The rise of QAnon and what it means for the Republican party

Republican Marjorie Taylor Green won a close primary runoff in Georgia this week. That likely guarantees she’ll win the congressional seat in November. Greene’s win is noteworthy because she’s a QAnon supporter. 

The conspiracy theory QAnon says there’s a deep state within the U.S. government that’s working to undermine President Trump. The FBI has labeled the theory as a potential domestic terrorism threat.

“Q is a person or a group of people who are whistleblowers, so to speak, who have accused Democratic politicians and celebrities of being part of a child sex trafficking wing and being part of this secret international group that worships satan, that wants to control the world. There’s [sic] a lot of different levels to it,” says Ally Mutnick, House campaigns reporter for Politico.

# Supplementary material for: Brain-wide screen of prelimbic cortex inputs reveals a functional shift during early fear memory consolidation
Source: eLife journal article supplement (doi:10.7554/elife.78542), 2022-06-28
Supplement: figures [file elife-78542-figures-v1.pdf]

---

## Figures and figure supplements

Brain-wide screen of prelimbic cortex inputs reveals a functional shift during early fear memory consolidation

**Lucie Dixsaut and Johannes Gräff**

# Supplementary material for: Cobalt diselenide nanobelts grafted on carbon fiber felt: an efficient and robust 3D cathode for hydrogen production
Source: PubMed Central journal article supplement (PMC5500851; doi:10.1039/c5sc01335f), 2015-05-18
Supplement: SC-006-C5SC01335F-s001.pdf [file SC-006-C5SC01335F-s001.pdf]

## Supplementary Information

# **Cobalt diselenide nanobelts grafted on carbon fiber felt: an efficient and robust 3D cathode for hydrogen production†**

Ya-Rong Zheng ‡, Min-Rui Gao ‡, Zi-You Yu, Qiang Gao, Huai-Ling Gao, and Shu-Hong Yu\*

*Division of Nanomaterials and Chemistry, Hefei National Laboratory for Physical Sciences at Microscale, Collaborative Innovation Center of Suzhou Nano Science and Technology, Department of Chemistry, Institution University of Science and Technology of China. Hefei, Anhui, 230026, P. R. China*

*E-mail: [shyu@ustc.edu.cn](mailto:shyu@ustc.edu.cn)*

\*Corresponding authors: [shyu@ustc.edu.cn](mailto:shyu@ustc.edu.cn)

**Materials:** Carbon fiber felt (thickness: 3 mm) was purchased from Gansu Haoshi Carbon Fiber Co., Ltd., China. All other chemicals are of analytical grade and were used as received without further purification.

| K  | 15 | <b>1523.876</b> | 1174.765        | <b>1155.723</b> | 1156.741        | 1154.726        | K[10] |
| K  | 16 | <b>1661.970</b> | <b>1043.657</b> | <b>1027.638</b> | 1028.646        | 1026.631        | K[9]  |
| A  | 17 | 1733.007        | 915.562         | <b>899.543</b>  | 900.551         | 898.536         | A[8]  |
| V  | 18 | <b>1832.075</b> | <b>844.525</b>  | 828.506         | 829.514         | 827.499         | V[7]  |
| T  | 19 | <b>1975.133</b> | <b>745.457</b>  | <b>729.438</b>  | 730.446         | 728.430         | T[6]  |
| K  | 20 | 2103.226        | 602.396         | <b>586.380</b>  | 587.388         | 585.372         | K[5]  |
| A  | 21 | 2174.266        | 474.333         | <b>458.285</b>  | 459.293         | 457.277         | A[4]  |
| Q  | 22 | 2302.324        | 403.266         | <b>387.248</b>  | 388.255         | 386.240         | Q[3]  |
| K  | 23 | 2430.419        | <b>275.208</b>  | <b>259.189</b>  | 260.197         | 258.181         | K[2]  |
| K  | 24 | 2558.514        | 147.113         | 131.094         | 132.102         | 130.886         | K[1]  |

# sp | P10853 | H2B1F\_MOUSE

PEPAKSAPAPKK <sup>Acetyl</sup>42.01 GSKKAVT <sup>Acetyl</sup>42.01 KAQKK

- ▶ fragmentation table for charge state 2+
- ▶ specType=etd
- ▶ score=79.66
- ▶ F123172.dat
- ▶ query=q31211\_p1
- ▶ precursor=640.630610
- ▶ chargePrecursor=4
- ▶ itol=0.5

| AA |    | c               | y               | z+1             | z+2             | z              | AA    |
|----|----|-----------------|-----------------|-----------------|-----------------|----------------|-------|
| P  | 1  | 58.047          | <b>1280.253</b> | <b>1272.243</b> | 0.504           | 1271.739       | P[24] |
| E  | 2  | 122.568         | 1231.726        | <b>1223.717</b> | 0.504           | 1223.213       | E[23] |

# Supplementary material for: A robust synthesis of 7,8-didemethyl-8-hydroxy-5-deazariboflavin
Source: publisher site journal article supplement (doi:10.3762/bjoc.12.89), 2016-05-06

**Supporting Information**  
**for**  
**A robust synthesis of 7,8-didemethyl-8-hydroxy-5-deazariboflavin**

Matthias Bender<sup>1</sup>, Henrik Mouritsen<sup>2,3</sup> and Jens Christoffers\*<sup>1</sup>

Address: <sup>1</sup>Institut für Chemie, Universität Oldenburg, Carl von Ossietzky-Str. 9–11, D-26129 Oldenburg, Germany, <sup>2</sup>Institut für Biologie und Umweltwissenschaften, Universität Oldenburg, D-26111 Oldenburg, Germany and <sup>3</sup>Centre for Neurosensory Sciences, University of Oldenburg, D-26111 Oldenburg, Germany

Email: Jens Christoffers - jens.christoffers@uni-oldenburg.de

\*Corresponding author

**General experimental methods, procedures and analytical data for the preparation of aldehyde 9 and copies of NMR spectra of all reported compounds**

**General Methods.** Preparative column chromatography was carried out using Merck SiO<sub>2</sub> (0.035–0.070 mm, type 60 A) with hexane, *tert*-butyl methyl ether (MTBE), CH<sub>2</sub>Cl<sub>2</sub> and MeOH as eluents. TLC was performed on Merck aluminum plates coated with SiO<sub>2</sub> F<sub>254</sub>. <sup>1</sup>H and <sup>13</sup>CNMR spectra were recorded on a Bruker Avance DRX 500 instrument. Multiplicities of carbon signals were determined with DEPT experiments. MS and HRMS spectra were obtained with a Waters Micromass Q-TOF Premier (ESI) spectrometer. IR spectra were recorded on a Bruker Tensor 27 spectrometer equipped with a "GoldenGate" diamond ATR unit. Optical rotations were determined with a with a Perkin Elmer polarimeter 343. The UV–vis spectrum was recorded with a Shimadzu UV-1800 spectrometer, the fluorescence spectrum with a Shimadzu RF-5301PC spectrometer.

She says Green’s belief in QAnon is troubling, and no one else in Congress right now subscribes to it. 

“She’s made a lot of incredibly incendiary statements about Black people, about Muslims. She’s suggested that Muslims shouldn’t serve in government, that the Jewish mega donor George Soros helped the Nazis during the Holocaust,” says Mutnick. 

Before Greene decided to run for Congress, she was a wealthy businesswoman who self-funded much of her campaign. She also had a large online/social media following. 

Donald Trump supports Greene, calling her a “real winner” on Twitter on Wednesday. 

What is his role in fueling the QAnon movement? 

“A lot of people have said he has sort of a tacit acceptance of it by not speaking out against it. But regardless of what you can and can’t say about how Trump feels about the movement, it revolves around him. The crux of it is that there’s this deep state working against President Trump. … And certainly the people who believe this conspiracy theory are very supportive of Trump,” says Mutnick.